Bush’s Legacy of Atrocities Is Nowhere to Be Seen at His New Library — and the Local Paper Won’t Even Run One Ad That Tells the Truth

“Kill a few, they call you a murderer. Kill tens of thousands, they give you $500 million for a granite vanity project and a glossy 30-page newspaper supplement.”

photo_-__2013-04-23_at_1.07.48_pmGeorge W. Bush presided over an international network of torture chambers and, with the help of a compliant Congress and press, launched a war of aggression that killed hundreds of thousands of men, women and children. However, instead of the bloody details of his time in office being recounted at a war crimes tribunal, the former president has been able to bank on his imperial privilege – and a network of rich corporate donors that he made richer while in office – to tell his version of history at a library in Texas being opened in his name.

Kill a few, they call you a murderer. Kill tens of thousands, they give you $500 million for a granite vanity project and a glossy 30-page supplement in the local paper.

Before getting into that, some facts. According to the US government, more than 100,000 people died following the 2003 invasion of Iraq; of that number, 4,486 were members of the US military. Other estimates place the figure at closer to one million deaths as a result of Bush’s defining act in office: an aggressive war waged against a non-threat and which even some of his own advisers admit was illegal. So far, the wars started by Bush and continued by his heir, Barack Obama, have cost upwards of $3.1 trillion. That’s money that could have been spent saving lives and building things, not ending and destroying them.

But that’s not going to be the narrative at the George W. Bush Presidential Library, opening this week in Dallas, Texas. No, that’s going to be: 9/11, 9/11, 9/11 (see also: 9/11).

Called the “Day of Fire,” a main attraction at the new library will be a display on the events of September 11, 2001, where “video images from the attacks flash around a twisted metal beam recovered from the wreckage of the World Trade Center,” according to the Associated Press. Continue reading

Marilyn Buck on 9/11: Incommunicado–Dispatches from a Political Prisoner

Marilyn Buck

September 11, 2001

before
morning-slow
I move
Julan hollers
come come see
the world trade center’s
exploding

she’s not serious
no one would make that up
would they?
maybe
live on TV
video mantra
replay: plane crash
replay: collapse
slow motion, dying morning

no not a made-for-TV movie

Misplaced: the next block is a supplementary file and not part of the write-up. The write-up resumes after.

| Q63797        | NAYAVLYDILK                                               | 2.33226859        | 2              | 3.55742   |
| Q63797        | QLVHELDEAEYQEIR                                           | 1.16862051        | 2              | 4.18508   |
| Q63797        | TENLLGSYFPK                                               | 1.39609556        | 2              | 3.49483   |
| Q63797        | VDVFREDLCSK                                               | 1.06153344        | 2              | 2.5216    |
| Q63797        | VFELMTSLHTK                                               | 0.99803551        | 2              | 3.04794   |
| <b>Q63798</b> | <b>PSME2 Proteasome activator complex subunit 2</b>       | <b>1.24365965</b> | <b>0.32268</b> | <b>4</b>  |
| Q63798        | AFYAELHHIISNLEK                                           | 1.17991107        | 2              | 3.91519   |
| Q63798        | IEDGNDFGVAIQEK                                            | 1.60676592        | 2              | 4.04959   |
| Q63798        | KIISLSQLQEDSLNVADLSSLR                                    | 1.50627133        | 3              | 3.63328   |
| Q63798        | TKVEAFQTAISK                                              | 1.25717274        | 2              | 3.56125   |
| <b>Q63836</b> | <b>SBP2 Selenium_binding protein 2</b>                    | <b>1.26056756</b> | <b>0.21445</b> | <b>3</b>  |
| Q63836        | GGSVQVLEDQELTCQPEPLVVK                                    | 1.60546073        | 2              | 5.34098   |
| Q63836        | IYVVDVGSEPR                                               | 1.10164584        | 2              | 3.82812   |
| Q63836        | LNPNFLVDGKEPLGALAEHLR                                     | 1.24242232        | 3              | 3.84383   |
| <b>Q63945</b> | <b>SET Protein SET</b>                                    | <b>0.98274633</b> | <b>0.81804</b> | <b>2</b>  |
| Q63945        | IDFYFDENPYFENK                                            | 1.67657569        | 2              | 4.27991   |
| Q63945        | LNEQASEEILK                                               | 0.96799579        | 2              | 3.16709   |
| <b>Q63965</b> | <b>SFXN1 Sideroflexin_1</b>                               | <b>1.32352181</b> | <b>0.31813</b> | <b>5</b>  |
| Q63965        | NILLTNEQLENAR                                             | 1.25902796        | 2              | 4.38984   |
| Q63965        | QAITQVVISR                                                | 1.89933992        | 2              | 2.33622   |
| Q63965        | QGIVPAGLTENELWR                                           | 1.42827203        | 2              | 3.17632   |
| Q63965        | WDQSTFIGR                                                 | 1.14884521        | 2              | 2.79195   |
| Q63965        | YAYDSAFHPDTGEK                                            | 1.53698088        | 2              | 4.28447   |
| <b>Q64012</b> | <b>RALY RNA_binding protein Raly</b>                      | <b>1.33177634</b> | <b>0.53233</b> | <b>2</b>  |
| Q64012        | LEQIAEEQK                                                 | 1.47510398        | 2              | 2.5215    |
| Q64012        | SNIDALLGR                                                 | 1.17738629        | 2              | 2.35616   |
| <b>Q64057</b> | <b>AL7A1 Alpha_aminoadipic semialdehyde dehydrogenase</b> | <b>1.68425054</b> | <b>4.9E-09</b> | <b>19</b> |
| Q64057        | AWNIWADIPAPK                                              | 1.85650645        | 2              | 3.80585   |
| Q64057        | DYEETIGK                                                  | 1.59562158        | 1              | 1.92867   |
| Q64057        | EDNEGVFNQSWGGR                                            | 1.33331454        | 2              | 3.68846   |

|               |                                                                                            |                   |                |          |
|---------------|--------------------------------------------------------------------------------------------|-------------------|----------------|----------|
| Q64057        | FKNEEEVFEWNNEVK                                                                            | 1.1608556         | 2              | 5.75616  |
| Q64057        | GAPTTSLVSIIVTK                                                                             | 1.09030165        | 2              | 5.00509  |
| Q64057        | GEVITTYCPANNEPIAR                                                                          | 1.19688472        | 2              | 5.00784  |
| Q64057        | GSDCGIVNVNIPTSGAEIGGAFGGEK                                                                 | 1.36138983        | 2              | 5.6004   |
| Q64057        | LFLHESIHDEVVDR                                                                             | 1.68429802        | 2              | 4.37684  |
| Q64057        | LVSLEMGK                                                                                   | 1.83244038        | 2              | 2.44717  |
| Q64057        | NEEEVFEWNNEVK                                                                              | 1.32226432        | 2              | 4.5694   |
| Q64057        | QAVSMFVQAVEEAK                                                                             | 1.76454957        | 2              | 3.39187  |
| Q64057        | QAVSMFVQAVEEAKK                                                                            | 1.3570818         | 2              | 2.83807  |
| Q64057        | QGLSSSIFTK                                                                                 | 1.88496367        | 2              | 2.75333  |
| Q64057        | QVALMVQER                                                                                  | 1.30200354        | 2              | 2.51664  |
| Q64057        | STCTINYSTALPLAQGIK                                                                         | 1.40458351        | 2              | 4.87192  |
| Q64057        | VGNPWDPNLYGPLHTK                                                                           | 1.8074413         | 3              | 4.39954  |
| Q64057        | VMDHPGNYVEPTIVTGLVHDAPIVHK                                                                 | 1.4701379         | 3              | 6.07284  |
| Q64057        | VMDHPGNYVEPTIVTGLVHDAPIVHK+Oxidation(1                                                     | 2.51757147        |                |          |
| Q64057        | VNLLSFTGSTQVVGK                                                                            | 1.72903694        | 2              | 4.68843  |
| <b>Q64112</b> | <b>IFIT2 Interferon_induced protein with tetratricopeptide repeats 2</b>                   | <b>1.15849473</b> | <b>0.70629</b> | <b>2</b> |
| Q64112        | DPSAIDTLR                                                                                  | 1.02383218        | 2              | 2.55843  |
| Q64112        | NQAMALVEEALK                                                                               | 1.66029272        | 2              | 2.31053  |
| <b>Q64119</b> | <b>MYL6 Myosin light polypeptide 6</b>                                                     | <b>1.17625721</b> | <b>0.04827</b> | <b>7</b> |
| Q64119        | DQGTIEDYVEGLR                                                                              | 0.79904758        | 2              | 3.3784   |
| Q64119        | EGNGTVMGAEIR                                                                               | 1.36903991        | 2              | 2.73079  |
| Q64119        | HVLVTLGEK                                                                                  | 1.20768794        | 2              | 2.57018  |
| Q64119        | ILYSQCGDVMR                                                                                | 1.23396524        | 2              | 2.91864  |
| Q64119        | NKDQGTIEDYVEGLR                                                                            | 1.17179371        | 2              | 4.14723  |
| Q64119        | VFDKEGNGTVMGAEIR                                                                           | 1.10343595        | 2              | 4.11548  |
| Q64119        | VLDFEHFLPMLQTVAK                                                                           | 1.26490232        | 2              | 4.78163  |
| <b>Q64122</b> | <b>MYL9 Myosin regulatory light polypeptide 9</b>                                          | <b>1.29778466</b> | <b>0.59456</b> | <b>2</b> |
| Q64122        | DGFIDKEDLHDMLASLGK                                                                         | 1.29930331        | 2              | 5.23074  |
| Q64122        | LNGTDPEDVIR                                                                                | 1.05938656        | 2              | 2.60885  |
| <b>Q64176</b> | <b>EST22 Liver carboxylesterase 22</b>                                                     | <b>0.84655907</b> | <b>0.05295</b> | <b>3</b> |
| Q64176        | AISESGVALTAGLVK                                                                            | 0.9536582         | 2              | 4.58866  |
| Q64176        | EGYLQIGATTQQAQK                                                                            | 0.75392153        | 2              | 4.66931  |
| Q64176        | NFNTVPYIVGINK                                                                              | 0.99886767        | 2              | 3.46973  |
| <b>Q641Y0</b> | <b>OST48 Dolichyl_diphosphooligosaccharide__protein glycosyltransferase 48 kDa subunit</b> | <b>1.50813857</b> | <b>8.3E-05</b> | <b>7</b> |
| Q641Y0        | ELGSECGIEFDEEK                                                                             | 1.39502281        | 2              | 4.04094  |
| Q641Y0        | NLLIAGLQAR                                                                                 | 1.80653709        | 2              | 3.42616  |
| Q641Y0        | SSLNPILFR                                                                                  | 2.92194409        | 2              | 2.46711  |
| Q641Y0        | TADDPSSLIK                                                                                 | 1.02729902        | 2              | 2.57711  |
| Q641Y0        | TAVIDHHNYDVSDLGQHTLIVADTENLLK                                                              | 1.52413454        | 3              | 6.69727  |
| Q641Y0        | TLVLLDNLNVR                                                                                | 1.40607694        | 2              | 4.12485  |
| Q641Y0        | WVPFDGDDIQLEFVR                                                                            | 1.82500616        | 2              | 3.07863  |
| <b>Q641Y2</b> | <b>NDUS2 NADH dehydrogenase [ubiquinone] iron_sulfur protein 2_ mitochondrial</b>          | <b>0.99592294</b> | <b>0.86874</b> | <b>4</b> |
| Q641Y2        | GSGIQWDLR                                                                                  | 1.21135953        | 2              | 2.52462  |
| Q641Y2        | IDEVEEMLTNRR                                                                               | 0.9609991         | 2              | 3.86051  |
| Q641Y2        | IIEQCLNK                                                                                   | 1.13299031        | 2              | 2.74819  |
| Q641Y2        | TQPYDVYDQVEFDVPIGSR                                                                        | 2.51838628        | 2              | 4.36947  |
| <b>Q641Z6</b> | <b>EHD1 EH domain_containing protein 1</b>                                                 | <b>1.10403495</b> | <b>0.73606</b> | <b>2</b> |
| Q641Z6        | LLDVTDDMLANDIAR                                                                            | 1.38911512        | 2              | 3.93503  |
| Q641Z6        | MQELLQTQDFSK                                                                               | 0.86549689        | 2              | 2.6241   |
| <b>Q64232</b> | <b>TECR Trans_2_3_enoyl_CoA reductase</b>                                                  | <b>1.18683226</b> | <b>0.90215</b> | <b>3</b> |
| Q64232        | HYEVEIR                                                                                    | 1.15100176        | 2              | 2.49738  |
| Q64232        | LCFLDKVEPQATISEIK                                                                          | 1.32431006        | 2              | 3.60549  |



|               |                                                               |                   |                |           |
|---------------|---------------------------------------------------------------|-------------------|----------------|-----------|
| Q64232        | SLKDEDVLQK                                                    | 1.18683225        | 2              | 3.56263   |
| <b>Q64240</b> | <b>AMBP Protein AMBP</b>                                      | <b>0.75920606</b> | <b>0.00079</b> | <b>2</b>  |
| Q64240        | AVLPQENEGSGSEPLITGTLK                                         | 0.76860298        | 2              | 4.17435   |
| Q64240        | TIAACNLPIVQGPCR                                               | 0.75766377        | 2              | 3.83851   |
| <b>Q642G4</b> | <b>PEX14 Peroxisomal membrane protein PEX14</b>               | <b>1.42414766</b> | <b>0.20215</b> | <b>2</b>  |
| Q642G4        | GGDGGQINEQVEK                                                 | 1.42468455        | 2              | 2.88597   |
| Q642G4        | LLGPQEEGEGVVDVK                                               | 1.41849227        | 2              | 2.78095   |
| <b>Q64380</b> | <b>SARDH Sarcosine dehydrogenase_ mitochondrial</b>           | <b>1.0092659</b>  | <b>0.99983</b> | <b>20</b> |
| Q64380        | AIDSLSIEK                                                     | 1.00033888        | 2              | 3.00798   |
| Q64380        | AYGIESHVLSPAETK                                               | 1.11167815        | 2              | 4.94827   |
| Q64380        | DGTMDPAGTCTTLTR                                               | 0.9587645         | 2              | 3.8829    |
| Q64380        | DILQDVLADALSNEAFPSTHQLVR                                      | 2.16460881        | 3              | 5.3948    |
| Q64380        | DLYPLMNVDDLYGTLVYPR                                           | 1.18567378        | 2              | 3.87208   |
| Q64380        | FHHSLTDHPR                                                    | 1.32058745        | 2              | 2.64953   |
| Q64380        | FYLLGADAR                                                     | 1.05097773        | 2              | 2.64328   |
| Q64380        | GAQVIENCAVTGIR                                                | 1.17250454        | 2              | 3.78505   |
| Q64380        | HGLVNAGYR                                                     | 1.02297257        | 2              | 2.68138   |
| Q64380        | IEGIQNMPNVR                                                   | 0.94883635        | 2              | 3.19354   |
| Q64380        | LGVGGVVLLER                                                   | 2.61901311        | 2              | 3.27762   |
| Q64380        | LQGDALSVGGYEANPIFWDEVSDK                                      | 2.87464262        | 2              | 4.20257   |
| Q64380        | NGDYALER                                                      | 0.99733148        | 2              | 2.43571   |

not a disaster film
not Hollywood special effects
one tower falls
the other follows

do chickens come home to roost?
enormity crashes
dazed disbelief
(chickens won’t roost here again
pigeons either)

I, a political prisoner, can
conceive why
but comprehension is not complicity
I look around me
I know nothing
I know too much
there is no answer in death
nor in dying Continue reading

The Crusade against Muslims, US domestic version

[As the US imperialist war for control of the Middle East and world petroleum continues without respite, the anti-Islamic hyperbole from politicians and media alike is spurring a domestic Christian xenophobic war in the homeland.  Some have taken this push for religious war on Islam to a fever pitch–and the politicians and media that have whipped this up are trying to clear themselves of responsibility for it, as they now denounce any rash actions that may result.  But the Christian fundamentalists will continue their attempts to launch religious wars between people in the US, until they are stopped-ed.]

The Christian fundamentalist fantasies of such heroics must be defeated

By Eric Ruder

10 September, 2010

An ugly campaign against Muslims has been gaining momentum in recent weeks–and it’s building to a fever pitch as the ninth anniversary of the September 11 attacks approaches.

After an eleventh-hour announcement that the event was canceled, Pastor Terry Jones and his hate-mongering Dove World Outreach Center in Gainesville, Fla., were still threatening to carry out their vile plan for an “International Burn a Koran Day” on September 11. News of Jones’ plan to toss the Muslim holy book into a bonfire not only stirred protests in Afghanistan, Pakistan and around the world, but attracted denunciations from U.S. political figures and commentators across the political spectrum.

But many of the denunciations only served to reinforce an underlying idea driving this latest wave of bigotry–that there is an international Islamic menace waiting to strike at freedom-loving Americans.

“I would hope that Pastor Terry Jones and his supporters will consider the ramifications of their planned book-burning event,” said Sarah Palin, who has spent recent weeks stoking hatred in a campaign against the building of an Islamic community center in Lower Manhattan. “It will feed the fire of caustic rhetoric and appear as nothing more than mean-spirited religious intolerance. Don’t feed that fire.” Continue reading